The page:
Sunday, February 10, 2013

Homily for 5th Sunday in Ordinary Time

Homily for the
5th Sunday
in Ordinary Time
Feb. 9, 1992
Isaiah 6: 1-8
1 Cor 15: 1-11
Luke 5: 1-11
Holy Cross, Fairfield

“Whom shall I send?  Who will go for us?” (Is 6: 8).

It’s unusual for all 3 readings to be as closely linked as todays are.  Week by week the OT reading is deliberately linked to the gospel, but the NT reading ordinarily follows a particular book sequentially.  Today’s passage from 1 Corinthians opens a discourse on the resurrection, parts of which we will hear on the next 3 weekends.  But in passing St. Paul touches on the central theme of the 1st and last reading, viz., God’s call.

God calls Isaiah, Paul, and Simon Peter for special missions, to be prophets and apostles.  All of them are immediately aware of their unworthiness.  “Woe is me, I am doomed!” Isaiah exclaims as he beholds the heavenly vision, “for I am a man of unclean lips” (6:5); he is just as sinful as the rest of Israel.  Paul laments his past, for he persecuted the Church of God (1 Cor 15:9).  Simon Peter begs Jesus:  “Leave me, Lord, for I am a sinful man” (Luke 5:8). 
The Miraculous Catch of Fish: Tapestry by Raphael in the Vatican Museums

No one whom God calls to be one of his intimate friends or to be an apostle or prophet, a priest, a religious, a missionary—no one is worthy of God.  Everyone whom God calls is sinful and, alas, remains a sinner, as even the saints have frequently testified.

But human imperfection and unworthiness don’t stop God.  God has chosen to work with human tools, imperfect tools, in order to save all of us and in order that his own power and goodness may be the more evident.  He comes to Isaiah, who’s afraid he’s about to die, and he purges away his wickedness.  He bestows his favor, or grace, on Paul, overcoming the hatred in his heart, filling him with love, rechanneling his zeal.  It’s not Paul’s doing but God’s: “by God’s grace I am what I am” (1 Cor 15:10).  Christ reassures Simon: “Do not be afraid.  From now on you will be fishing for men” (Luke 5:10).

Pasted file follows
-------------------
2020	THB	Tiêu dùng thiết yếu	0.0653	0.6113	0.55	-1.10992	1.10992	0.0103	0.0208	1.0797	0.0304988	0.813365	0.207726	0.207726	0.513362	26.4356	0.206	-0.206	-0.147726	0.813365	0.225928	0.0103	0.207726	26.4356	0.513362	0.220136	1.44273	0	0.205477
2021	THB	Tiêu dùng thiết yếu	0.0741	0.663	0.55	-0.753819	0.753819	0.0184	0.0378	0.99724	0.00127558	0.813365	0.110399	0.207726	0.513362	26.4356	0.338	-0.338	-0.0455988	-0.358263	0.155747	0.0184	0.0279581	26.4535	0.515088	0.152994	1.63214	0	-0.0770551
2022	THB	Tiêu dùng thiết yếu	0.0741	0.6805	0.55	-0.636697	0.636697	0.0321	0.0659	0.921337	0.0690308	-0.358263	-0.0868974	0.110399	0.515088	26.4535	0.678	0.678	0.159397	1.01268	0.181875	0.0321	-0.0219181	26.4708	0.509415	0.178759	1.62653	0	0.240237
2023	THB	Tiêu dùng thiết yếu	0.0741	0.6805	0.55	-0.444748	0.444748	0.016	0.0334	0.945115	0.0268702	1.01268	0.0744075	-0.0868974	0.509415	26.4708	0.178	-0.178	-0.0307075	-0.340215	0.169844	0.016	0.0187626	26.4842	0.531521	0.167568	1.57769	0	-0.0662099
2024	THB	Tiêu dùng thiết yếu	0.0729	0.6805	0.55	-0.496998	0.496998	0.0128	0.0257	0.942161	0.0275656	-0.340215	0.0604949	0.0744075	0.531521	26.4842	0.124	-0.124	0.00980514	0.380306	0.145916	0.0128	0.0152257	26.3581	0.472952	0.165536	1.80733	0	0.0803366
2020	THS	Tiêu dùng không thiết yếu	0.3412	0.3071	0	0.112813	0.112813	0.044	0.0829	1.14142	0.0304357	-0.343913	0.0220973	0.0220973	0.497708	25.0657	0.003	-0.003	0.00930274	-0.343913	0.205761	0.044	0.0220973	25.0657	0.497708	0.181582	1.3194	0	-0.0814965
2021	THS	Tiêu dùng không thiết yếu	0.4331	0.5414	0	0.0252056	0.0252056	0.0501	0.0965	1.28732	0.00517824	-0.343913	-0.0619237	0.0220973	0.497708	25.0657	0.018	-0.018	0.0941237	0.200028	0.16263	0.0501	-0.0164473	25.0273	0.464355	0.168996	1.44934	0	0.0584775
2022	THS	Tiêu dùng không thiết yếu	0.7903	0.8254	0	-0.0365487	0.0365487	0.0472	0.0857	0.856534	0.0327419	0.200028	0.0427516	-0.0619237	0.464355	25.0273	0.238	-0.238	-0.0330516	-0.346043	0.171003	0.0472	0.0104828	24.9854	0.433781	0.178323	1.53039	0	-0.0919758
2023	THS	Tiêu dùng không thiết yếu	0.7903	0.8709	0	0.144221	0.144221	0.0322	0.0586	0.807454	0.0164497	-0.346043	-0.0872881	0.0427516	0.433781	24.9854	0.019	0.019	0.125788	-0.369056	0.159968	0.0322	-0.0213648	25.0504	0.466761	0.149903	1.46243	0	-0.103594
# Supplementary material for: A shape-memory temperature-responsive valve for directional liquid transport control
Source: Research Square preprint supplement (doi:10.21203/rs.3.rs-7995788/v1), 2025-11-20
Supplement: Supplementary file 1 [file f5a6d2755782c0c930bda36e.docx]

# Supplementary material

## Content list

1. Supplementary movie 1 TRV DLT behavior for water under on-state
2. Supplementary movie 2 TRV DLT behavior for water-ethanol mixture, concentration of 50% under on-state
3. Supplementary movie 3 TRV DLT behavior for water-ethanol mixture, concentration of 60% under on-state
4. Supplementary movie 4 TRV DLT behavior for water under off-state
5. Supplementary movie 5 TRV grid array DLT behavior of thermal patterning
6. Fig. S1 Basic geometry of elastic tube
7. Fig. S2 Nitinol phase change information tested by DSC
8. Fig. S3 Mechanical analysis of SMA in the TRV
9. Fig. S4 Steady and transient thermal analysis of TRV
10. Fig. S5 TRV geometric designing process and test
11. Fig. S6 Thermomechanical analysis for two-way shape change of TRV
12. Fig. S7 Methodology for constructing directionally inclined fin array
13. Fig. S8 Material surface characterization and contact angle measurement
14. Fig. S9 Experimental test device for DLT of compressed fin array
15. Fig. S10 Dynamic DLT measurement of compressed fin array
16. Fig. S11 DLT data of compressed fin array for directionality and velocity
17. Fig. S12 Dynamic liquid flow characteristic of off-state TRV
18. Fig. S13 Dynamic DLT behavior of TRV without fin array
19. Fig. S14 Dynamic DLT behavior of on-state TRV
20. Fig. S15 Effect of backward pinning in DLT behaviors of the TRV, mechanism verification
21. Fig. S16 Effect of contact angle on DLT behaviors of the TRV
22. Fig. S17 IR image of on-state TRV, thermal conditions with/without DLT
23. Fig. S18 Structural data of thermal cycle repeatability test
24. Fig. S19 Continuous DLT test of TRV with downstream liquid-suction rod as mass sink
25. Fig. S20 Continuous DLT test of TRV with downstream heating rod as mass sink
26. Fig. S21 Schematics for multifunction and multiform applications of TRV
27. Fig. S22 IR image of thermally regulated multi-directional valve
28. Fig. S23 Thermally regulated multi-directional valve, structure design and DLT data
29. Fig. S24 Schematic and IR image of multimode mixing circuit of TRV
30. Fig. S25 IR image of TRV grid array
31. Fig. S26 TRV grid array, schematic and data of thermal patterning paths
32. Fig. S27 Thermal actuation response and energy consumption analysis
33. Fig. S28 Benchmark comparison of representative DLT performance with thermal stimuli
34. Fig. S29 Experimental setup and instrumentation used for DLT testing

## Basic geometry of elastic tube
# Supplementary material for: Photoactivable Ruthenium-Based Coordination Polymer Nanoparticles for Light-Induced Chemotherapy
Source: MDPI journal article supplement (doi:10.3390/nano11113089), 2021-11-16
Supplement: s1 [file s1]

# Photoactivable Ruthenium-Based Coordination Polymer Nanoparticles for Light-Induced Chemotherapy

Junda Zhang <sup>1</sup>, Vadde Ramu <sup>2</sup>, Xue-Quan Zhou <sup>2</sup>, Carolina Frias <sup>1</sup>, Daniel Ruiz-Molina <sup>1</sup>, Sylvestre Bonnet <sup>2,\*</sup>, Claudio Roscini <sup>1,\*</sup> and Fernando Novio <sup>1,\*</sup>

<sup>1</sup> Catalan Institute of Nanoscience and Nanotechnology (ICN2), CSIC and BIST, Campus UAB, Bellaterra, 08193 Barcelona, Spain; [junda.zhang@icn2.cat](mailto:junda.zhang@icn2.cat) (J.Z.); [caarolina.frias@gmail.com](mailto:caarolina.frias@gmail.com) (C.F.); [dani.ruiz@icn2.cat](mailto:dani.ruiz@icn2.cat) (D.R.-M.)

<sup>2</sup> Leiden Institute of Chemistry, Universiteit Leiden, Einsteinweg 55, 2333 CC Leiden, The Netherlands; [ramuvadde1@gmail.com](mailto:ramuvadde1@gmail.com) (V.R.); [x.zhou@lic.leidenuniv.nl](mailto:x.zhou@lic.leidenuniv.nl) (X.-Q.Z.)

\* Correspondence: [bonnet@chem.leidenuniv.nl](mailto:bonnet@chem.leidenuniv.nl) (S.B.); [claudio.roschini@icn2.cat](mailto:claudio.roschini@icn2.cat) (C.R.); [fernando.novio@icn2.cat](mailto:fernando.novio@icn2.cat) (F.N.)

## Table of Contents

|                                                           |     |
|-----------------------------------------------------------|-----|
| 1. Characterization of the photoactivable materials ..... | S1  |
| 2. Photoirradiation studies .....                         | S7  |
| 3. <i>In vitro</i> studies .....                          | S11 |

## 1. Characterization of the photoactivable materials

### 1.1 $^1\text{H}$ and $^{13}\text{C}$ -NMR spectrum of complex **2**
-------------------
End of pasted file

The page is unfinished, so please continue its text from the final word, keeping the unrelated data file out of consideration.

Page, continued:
All of us, when we look at God’s ministers, see defects and faults.  God calls human beings, not angels.  God is in the process of saving his priests and religious, as well as the rest of his people.  Sometimes we need to remind ourselves not to lose faith in God or in God’s Church because of the sins of individuals.  Follow St. Paul’s advice and correct us when it is necessary.  For instance, he writes to the Galatians:  “If a man is overtaken in any trespass, you who are spiritual would restore him in spirit of gentleness” (6:1).  Be patient with us.

When God calls someone, it is an act of grace.  Whatever the defects of a priest, a sister, a brother, or anyone with a special calling, the grace of Christ will still work thru the person.  If the person cooperates as Christ’s instrument of grace, grace will gradually have its sanctifying effects in that person.

If God is calling you to be one of his apostles or prophets, fear not for your unworthiness or weakness.  God calls whomever he wishes, in order that his work of salvation may be made known.  Have confidence in the power of God’s love, not only to work thru you but also to transform you as it did Isaiah, Paul, and ever so gradually, Simon Peter.

And may God’s grace work in and thru all of us, according to our particular callings.

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